Voters deserve to know what School Board candidates think about the major initiatives of our school system. The APS Instructional Program Pathways (IPP) effort is one of those major initiatives. It deserves careful scrutiny from the School Board and the community because it will drive a lot of decision making, and because in its current form it raises more questions than it answers.
I'll admit that I'm a little bit obsessive when it comes to planning things. For example, a few years ago I had to move my dad and stepmom cross-country to get them closer to family and to find the right combination of health care providers to deal with my father's worsening dementia. In the months leading up to the move, I was conference-calling with siblings, researching assisted living options and Medicaid eligibility, consulting with social workers, and more. It was so important to have a plan.
Not everything in life requires that kind of careful planning--but the design of our public education system certainly does. The decisions we make about what kinds of knowledge and skills we're teaching in school, and how we go about teaching those, have a big impact on students and their families.
The APS Instructional Program Pathways (IPP) work is an ongoing exercise in instructional design. APS says that the IPP will “serve as a framework for making decisions around instructional visioning that will inform APS planning initiatives.” Once I got past the word “visioning” (I know it’s a valid Scrabble word, but the former English teacher in me doesn’t love it), it became apparent to me that the IPP is at the heart of our school system’s purpose and operation.
Our public schools play many roles in the lives of children, families, and community members, but it’s hard to argue with the idea that teaching and learning should be at the core. What kinds of knowledge, skills, and dispositions will kids need in order to live full and productive lives--and what kinds of instructional experiences and programs are we offering to support that development?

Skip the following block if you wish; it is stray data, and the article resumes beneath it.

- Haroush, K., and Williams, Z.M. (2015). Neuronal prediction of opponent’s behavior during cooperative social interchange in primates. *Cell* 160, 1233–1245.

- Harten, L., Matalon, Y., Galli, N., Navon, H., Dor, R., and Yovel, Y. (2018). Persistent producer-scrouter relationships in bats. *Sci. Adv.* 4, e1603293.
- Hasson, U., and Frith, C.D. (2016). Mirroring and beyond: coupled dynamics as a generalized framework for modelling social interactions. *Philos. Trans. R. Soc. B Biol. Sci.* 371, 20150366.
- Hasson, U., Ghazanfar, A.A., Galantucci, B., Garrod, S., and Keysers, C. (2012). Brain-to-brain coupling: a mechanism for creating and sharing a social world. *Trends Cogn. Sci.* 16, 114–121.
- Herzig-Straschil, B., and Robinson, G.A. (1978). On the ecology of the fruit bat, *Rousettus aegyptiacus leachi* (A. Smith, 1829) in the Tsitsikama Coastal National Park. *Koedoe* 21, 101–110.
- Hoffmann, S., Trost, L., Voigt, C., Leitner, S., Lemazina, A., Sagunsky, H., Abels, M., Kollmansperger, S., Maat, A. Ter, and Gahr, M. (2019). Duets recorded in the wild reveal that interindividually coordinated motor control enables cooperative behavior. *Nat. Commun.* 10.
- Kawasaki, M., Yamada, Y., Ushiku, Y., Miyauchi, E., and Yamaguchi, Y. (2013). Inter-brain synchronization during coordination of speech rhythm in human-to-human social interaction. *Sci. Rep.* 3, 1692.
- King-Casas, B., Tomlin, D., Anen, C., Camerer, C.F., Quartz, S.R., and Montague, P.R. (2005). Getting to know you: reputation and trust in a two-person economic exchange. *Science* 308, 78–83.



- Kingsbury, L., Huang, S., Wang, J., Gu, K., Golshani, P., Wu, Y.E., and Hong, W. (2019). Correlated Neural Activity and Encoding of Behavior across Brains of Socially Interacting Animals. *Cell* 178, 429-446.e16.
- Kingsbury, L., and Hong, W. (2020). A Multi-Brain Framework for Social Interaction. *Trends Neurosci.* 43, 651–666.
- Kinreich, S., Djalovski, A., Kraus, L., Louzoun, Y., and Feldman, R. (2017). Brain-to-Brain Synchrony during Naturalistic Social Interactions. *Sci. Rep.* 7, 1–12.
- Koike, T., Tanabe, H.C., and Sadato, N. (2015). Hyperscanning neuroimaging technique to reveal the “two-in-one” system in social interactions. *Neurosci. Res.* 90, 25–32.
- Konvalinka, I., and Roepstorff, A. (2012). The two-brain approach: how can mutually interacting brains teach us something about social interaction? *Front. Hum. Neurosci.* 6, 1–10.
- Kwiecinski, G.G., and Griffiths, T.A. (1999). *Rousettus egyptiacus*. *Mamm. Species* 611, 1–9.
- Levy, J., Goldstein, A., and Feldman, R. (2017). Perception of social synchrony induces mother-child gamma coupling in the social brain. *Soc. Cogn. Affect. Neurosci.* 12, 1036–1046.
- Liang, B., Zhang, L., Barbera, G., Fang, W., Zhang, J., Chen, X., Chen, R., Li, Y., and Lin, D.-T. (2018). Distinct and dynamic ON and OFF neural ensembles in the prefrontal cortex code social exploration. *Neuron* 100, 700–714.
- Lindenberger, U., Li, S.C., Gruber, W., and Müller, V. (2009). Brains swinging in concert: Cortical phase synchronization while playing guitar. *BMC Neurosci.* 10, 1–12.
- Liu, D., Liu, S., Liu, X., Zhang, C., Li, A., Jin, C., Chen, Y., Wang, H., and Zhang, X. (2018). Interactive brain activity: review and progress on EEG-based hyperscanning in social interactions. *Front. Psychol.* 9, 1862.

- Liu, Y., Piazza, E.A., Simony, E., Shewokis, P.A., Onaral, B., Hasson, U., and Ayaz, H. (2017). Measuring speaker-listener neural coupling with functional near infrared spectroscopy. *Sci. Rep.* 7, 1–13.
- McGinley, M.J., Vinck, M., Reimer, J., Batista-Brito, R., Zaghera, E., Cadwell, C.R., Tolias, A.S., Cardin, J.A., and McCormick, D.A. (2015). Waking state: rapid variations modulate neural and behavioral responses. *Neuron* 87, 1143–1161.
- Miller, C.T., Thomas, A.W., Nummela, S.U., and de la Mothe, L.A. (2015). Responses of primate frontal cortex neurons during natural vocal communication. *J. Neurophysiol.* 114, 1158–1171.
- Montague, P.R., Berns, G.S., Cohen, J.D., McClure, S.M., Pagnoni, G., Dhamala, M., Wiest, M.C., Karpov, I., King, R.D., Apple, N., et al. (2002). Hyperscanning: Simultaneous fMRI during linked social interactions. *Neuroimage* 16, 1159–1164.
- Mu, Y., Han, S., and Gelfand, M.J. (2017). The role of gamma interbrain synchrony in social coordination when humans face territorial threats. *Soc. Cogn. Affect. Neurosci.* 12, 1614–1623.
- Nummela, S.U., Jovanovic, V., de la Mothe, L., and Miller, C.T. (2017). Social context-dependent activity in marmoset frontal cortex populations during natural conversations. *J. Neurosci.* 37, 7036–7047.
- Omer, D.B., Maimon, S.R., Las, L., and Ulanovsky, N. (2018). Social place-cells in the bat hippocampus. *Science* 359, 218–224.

These are the kinds of questions that should drive the IPP. Instead, APS lists “Promoting demographic diversity in our programs and schools” and “Assisting with managing enrollment at all school levels” as two of the four IPP goals. While these are very important goals, they don’t belong in the IPP, the aim of which should be to provide thoughtfully-designed learning programs and experiences that reflect best practices and respond to students’ needs and interests.
In its current form, the IPP is preoccupied with managing enrollment and capacity issues: these appear to be the exclusive focus of the five priority areas identified by APS instructional leaders as part of the IPP visioning process this year.
If we really want to put instruction at the center, I think we need to reframe the IPP process. I’m advocating for a process that looks like this:
I’m also concerned that APS is assuming it has the right option programs and program pathways in place. The APS statement “ensure community is aware of existing programs and how to access” assumes that students and families simply don’t know about current programs and would be interested in participating if they did. That may not be a valid assumption. Instead, I think it’s important for APS to consider whether it is offering the right programs in response to community needs and students’ interests.
If you believe that our students deserve a stronger instructional vision and framework, I hope you’ll join me in providing this feedback to APS. If you believe that the School Board needs to insist on stronger instructional planning, I hope you’ll support my campaign.
Write something about yourself. No need to be fancy, just an overview.